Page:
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TABLE OF FIGURES Figure 2-1: Body Side, Front and Back ........................................................................................13 Figure 2-2: Pressure Points of the Body .......................................................................................17 Figure 2-3: Making a Fist .............................................................................................................18 Figure 2-4: Striking Surface of the Fist ........................................................................................18 Figure 2-5: Back Fist ....................................................................................................................19 Figure 2-6: Hammer Fist...............................................................................................................19 Figure 2-7: Knife Hand.................................................................................................................20 Figure 2-8: Ridge Hand ................................................................................................................20 Figure 2-9: Ball and Toe of the Foot ............................................................................................21 Figure 2-10: Instep Strike .............................................................................................................22 Figure 2-11: Natural Stance ..........................................................................................................23 Figure 2-12: Fighting Stance ........................................................................................................24 Figure 2-13: Directions of Movement ..........................................................................................25 Figure 2-14: Forward ShiftStart Point ......................................................................................26 Figure 2-15: Forward ShiftMid-point .......................................................................................26 Figure 2-16: Forward ShiftFinish .............................................................................................27 Figure 2-17: Turn to the RearStart............................................................................................27 Figure 2-18: Turn to the RearMid-point ...................................................................................28 Figure 2-19: Turn to the RearFinish .........................................................................................28 Figure 3-1: Directions for Balance Displacement ........................................................................30 Figure 3-2: Hip Throw Step 1.......................................................................................................31 Figure 3-3: Hip ThrowFoot Position.........................................................................................32 Figure 3-4: Hip Throw Step 2.......................................................................................................32 Figure 3-5: Hip Throw Step 3.......................................................................................................33 Figure 3-6: Hip Throw Step 4.......................................................................................................33 Figure 3-7: Shoulder Throw Step 1 ..............................................................................................34 Figure 3-8: Shoulder Throw Step 2 ..............................................................................................35 Figure 3-9: Shoulder Throw Step 3 ..............................................................................................35 Figure 3-10: Shoulder Throw Step 4 ............................................................................................36 Figure 3-11: Turning Throw Step 1 ..............................................................................................37 Figure 3-12: Turning Throw Step 2 ..............................................................................................37 Figure 3-13: Turning Throw Step 3 ..............................................................................................38 Figure 3-14: Turning Throw Step 4 ..............................................................................................38 Figure 3-15: Leg Sweep Step 1.....................................................................................................39 Figure 3-16: Leg Sweep Step 2.....................................................................................................40 Figure 3-17: Leg Sweep Step 3.....................................................................................................41 Figure 3-18: Leg Sweep Step 4.....................................................................................................41 Figure 3-19: Leg Sweep Step 5.....................................................................................................42 Figure 3-20: Head Tear DownOccipital Strike Step 1..............................................................43 Figure 3-21: Head Tear Down Step 2 ...........................................................................................43 Figure 3-22: Head Tear Down Step 3 ...........................................................................................44 Figure 3-23: Ocular GripThumb...............................................................................................44 Figure 3-24: Ocular GripFingers ..............................................................................................45 Figure 3-25: CompressionTakedown........................................................................................46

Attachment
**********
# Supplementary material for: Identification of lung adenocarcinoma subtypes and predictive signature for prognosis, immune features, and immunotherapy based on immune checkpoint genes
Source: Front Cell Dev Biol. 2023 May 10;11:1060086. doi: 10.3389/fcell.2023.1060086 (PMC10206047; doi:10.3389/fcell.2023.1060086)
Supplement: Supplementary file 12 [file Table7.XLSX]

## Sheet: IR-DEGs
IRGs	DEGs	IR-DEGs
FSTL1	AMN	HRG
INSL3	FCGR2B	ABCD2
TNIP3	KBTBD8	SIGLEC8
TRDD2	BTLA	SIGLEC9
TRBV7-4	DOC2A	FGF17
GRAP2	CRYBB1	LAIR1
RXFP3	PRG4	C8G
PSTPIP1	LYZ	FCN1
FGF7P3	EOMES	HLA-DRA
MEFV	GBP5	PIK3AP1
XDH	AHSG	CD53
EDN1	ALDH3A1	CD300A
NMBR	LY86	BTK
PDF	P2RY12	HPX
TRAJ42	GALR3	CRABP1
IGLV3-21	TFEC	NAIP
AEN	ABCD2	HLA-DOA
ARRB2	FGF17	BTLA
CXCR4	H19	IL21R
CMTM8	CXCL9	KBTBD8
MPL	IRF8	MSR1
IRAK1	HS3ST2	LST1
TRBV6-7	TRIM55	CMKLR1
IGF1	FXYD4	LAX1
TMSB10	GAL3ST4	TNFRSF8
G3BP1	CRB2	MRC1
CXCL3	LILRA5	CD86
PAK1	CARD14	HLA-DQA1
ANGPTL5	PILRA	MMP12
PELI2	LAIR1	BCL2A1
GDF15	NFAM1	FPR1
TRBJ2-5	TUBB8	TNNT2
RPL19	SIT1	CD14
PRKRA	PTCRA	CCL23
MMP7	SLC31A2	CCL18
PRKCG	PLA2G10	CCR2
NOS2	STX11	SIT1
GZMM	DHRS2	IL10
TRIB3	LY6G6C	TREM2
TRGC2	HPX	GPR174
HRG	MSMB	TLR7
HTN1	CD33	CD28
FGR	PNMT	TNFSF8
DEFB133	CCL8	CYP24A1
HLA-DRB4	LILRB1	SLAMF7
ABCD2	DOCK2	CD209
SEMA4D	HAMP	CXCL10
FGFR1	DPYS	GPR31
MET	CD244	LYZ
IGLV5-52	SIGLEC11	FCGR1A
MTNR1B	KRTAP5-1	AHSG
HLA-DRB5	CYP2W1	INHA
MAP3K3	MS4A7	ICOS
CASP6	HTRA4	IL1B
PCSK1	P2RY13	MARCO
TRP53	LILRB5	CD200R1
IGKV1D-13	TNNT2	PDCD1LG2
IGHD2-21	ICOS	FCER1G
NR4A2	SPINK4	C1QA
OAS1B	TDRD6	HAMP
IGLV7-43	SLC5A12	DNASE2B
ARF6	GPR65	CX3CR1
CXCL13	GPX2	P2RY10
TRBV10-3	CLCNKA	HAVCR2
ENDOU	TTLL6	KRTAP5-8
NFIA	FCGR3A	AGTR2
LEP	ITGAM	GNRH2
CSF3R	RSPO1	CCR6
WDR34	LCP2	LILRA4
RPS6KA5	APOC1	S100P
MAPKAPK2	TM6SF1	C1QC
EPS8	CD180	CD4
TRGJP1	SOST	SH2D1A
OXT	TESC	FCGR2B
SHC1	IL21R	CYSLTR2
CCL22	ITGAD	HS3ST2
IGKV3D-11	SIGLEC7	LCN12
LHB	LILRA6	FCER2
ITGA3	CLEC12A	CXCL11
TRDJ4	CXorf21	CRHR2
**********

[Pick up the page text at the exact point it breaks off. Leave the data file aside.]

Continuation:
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Figure 3-26: CompressionTakedown Step 1.............................................................................46 Figure 3-27: CompressionTakedown Step 2.............................................................................47 Figure 3-28: CompressionTakedown Step 3.............................................................................47 Figure 3-29: Double Leg Takedown.............................................................................................48 Figure 3-30: Double Leg TakedownStep1................................................................................48 Figure 3-31: Double Leg TakedownStep 2...............................................................................49 Figure 3-32: Single Leg Takedown ..............................................................................................50 Figure 3-33: Single Leg Takedown ..............................................................................................50 Figure 3-34: Leg Hook TakedownStep 1..................................................................................51 Figure 3-35: Leg Hook TakedownStep 2..................................................................................52 Figure 3-36: Leg Hook TakedownStep 3..................................................................................52 Figure 3-37: Rear TakedownStep 1 ..........................................................................................53 Figure 3-38: Rear TakedownStep 2 ..........................................................................................54 Figure 3-39: Rear Breakfall LyingStep 1..................................................................................56 Figure 3-40: Rear Breakfall LyingStep 2..................................................................................56 Figure 3-41: Back Breakfall LyingStep 3.................................................................................57 Figure 3-42: Back Breakfall SittingStep 1................................................................................57 Figure 3-43: Back Breakfall SittingStep 2................................................................................58 Figure 3-44: Back Breakfall SittingStep 3................................................................................58 Figure 3-45: Back Breakfall SquattingStep 1 ...........................................................................59 Figure 3-46: Back Breakfall SquattingStep 2 ...........................................................................59 Figure 3-47: Back Breakfall SquattingStep 3 ...........................................................................60 Figure 3-48: Back Breakfall StandingStep 1 ............................................................................60 Figure 3-49: Back Breakfall StandingStep 2 ............................................................................61 Figure 3-50: Front Breakfall KneelingStep 1 ...........................................................................62 Figure 3-51: Front Breakfall KneelingStep 2 ...........................................................................62 Figure 3-52: Front Breakfall SquattingStep 1...........................................................................63 Figure 3-53: Front Breakfall SquattingStep 2...........................................................................63 Figure 3-54: Front Breakfall StandingStep 1............................................................................64 Figure 3-55: Front Breakfall StandingStep 2............................................................................64 Figure 3-56: Side Breakfall LyingStep 1 ..................................................................................65 Figure 3-57: Side Breakfall LyingStep 2 ..................................................................................66 Figure 3-58: Side Breakfall SquattingStart...............................................................................66 Figure 3-59: Side Breakfall SquattingStrike.............................................................................67 Figure 3-60: Side Breakfall SquattingFinish ............................................................................67 Figure 3-61: SideBreakfall StandingStart..............................................................................68 Figure 3-62: SideBreakfall StandingMid-point ....................................................................68 Figure 3-63: SideBreakfall StandingFinish ..........................................................................69 Figure 4-11: Roundhouse Kick.....................................................................................................79 Figure 4-12: Roundhouse KickStep 1.......................................................................................79 Figure 4-13: Roundhouse KickStep 2.......................................................................................80 Figure 4-14: Front Thrust KickStep 1.......................................................................................81 Figure 4-15: Front Thrust KickStep 2.......................................................................................81 Figure 4-16: Front Thrust KickStep 3.......................................................................................82 Figure 4-21: Side Thrust KickStep 4 ........................................................................................84 Figure 4-26: Power Generation.....................................................................................................87